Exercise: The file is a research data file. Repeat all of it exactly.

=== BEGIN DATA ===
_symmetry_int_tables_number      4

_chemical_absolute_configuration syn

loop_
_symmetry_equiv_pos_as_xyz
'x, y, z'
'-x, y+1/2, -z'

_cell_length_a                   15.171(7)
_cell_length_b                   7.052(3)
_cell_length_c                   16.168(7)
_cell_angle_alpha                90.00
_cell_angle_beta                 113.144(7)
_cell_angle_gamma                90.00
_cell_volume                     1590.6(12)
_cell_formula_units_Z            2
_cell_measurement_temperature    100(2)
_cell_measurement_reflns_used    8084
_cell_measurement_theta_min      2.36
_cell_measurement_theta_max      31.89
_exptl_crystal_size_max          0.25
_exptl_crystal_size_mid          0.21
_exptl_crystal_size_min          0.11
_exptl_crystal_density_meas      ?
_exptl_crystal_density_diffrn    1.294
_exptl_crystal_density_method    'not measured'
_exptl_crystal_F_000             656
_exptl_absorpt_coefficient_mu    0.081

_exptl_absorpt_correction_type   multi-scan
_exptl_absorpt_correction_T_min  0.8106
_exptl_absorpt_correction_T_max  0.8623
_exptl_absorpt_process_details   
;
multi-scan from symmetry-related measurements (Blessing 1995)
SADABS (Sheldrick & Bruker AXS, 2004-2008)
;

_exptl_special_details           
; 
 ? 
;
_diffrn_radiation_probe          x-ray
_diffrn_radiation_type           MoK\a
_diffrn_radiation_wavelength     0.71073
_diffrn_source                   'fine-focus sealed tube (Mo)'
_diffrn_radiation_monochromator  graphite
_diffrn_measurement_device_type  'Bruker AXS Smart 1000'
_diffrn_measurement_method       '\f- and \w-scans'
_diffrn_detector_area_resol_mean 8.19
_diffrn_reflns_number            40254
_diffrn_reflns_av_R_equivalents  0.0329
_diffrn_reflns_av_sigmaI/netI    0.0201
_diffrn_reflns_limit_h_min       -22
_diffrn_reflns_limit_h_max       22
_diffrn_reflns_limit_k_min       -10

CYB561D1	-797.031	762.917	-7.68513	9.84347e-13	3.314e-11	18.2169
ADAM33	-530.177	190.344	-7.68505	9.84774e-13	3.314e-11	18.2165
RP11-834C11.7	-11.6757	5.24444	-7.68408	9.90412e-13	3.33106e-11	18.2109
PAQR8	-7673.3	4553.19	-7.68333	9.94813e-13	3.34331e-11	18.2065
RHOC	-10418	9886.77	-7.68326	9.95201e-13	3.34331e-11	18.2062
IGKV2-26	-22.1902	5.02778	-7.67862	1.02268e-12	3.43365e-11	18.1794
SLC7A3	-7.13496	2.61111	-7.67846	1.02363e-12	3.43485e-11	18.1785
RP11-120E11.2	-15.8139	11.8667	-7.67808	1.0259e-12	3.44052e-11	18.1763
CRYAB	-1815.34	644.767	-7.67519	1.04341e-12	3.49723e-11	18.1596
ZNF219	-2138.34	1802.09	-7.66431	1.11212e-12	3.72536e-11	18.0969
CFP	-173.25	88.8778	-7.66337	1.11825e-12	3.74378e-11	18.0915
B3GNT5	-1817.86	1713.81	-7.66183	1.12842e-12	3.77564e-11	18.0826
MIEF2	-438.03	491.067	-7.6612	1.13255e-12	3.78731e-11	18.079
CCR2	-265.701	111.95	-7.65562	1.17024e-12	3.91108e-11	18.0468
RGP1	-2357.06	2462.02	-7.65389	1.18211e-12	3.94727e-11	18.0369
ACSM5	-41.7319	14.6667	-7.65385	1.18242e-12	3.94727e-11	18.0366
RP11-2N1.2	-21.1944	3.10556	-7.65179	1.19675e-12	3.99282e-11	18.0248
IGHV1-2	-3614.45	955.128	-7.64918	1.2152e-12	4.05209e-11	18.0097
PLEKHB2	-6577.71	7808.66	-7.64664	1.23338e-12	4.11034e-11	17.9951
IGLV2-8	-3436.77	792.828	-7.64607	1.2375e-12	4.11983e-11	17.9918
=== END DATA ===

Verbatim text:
_symmetry_int_tables_number      4

_chemical_absolute_configuration syn

loop_
_symmetry_equiv_pos_as_xyz
'x, y, z'
'-x, y+1/2, -z'

_cell_length_a                   15.171(7)
_cell_length_b                   7.052(3)
_cell_length_c                   16.168(7)
_cell_angle_alpha                90.00
_cell_angle_beta                 113.144(7)
_cell_angle_gamma                90.00
_cell_volume                     1590.6(12)
_cell_formula_units_Z            2
_cell_measurement_temperature    100(2)
_cell_measurement_reflns_used    8084
_cell_measurement_theta_min      2.36
_cell_measurement_theta_max      31.89
_exptl_crystal_size_max          0.25
_exptl_crystal_size_mid          0.21
_exptl_crystal_size_min          0.11
_exptl_crystal_density_meas      ?
_exptl_crystal_density_diffrn    1.294
_exptl_crystal_density_method    'not measured'
_exptl_crystal_F_000             656
_exptl_absorpt_coefficient_mu    0.081

_exptl_absorpt_correction_type   multi-scan
_exptl_absorpt_correction_T_min  0.8106
_exptl_absorpt_correction_T_max  0.8623
_exptl_absorpt_process_details   
;
multi-scan from symmetry-related measurements (Blessing 1995)
SADABS (Sheldrick & Bruker AXS, 2004-2008)
;

_exptl_special_details           
; 
 ? 
;
_diffrn_radiation_probe          x-ray
_diffrn_radiation_type           MoK\a
_diffrn_radiation_wavelength     0.71073
_diffrn_source                   'fine-focus sealed tube (Mo)'
_diffrn_radiation_monochromator  graphite
_diffrn_measurement_device_type  'Bruker AXS Smart 1000'
_diffrn_measurement_method       '\f- and \w-scans'
_diffrn_detector_area_resol_mean 8.19
_diffrn_reflns_number            40254
_diffrn_reflns_av_R_equivalents  0.0329
_diffrn_reflns_av_sigmaI/netI    0.0201
_diffrn_reflns_limit_h_min       -22
_diffrn_reflns_limit_h_max       22
_diffrn_reflns_limit_k_min       -10

CYB561D1	-797.031	762.917	-7.68513	9.84347e-13	3.314e-11	18.2169
ADAM33	-530.177	190.344	-7.68505	9.84774e-13	3.314e-11	18.2165
RP11-834C11.7	-11.6757	5.24444	-7.68408	9.90412e-13	3.33106e-11	18.2109
PAQR8	-7673.3	4553.19	-7.68333	9.94813e-13	3.34331e-11	18.2065
RHOC	-10418	9886.77	-7.68326	9.95201e-13	3.34331e-11	18.2062
IGKV2-26	-22.1902	5.02778	-7.67862	1.02268e-12	3.43365e-11	18.1794
SLC7A3	-7.13496	2.61111	-7.67846	1.02363e-12	3.43485e-11	18.1785
RP11-120E11.2	-15.8139	11.8667	-7.67808	1.0259e-12	3.44052e-11	18.1763
CRYAB	-1815.34	644.767	-7.67519	1.04341e-12	3.49723e-11	18.1596
ZNF219	-2138.34	1802.09	-7.66431	1.11212e-12	3.72536e-11	18.0969
CFP	-173.25	88.8778	-7.66337	1.11825e-12	3.74378e-11	18.0915
B3GNT5	-1817.86	1713.81	-7.66183	1.12842e-12	3.77564e-11	18.0826
MIEF2	-438.03	491.067	-7.6612	1.13255e-12	3.78731e-11	18.079
CCR2	-265.701	111.95	-7.65562	1.17024e-12	3.91108e-11	18.0468
RGP1	-2357.06	2462.02	-7.65389	1.18211e-12	3.94727e-11	18.0369
ACSM5	-41.7319	14.6667	-7.65385	1.18242e-12	3.94727e-11	18.0366
RP11-2N1.2	-21.1944	3.10556	-7.65179	1.19675e-12	3.99282e-11	18.0248
IGHV1-2	-3614.45	955.128	-7.64918	1.2152e-12	4.05209e-11	18.0097
PLEKHB2	-6577.71	7808.66	-7.64664	1.23338e-12	4.11034e-11	17.9951
IGLV2-8	-3436.77	792.828	-7.64607	1.2375e-12	4.11983e-11	17.9918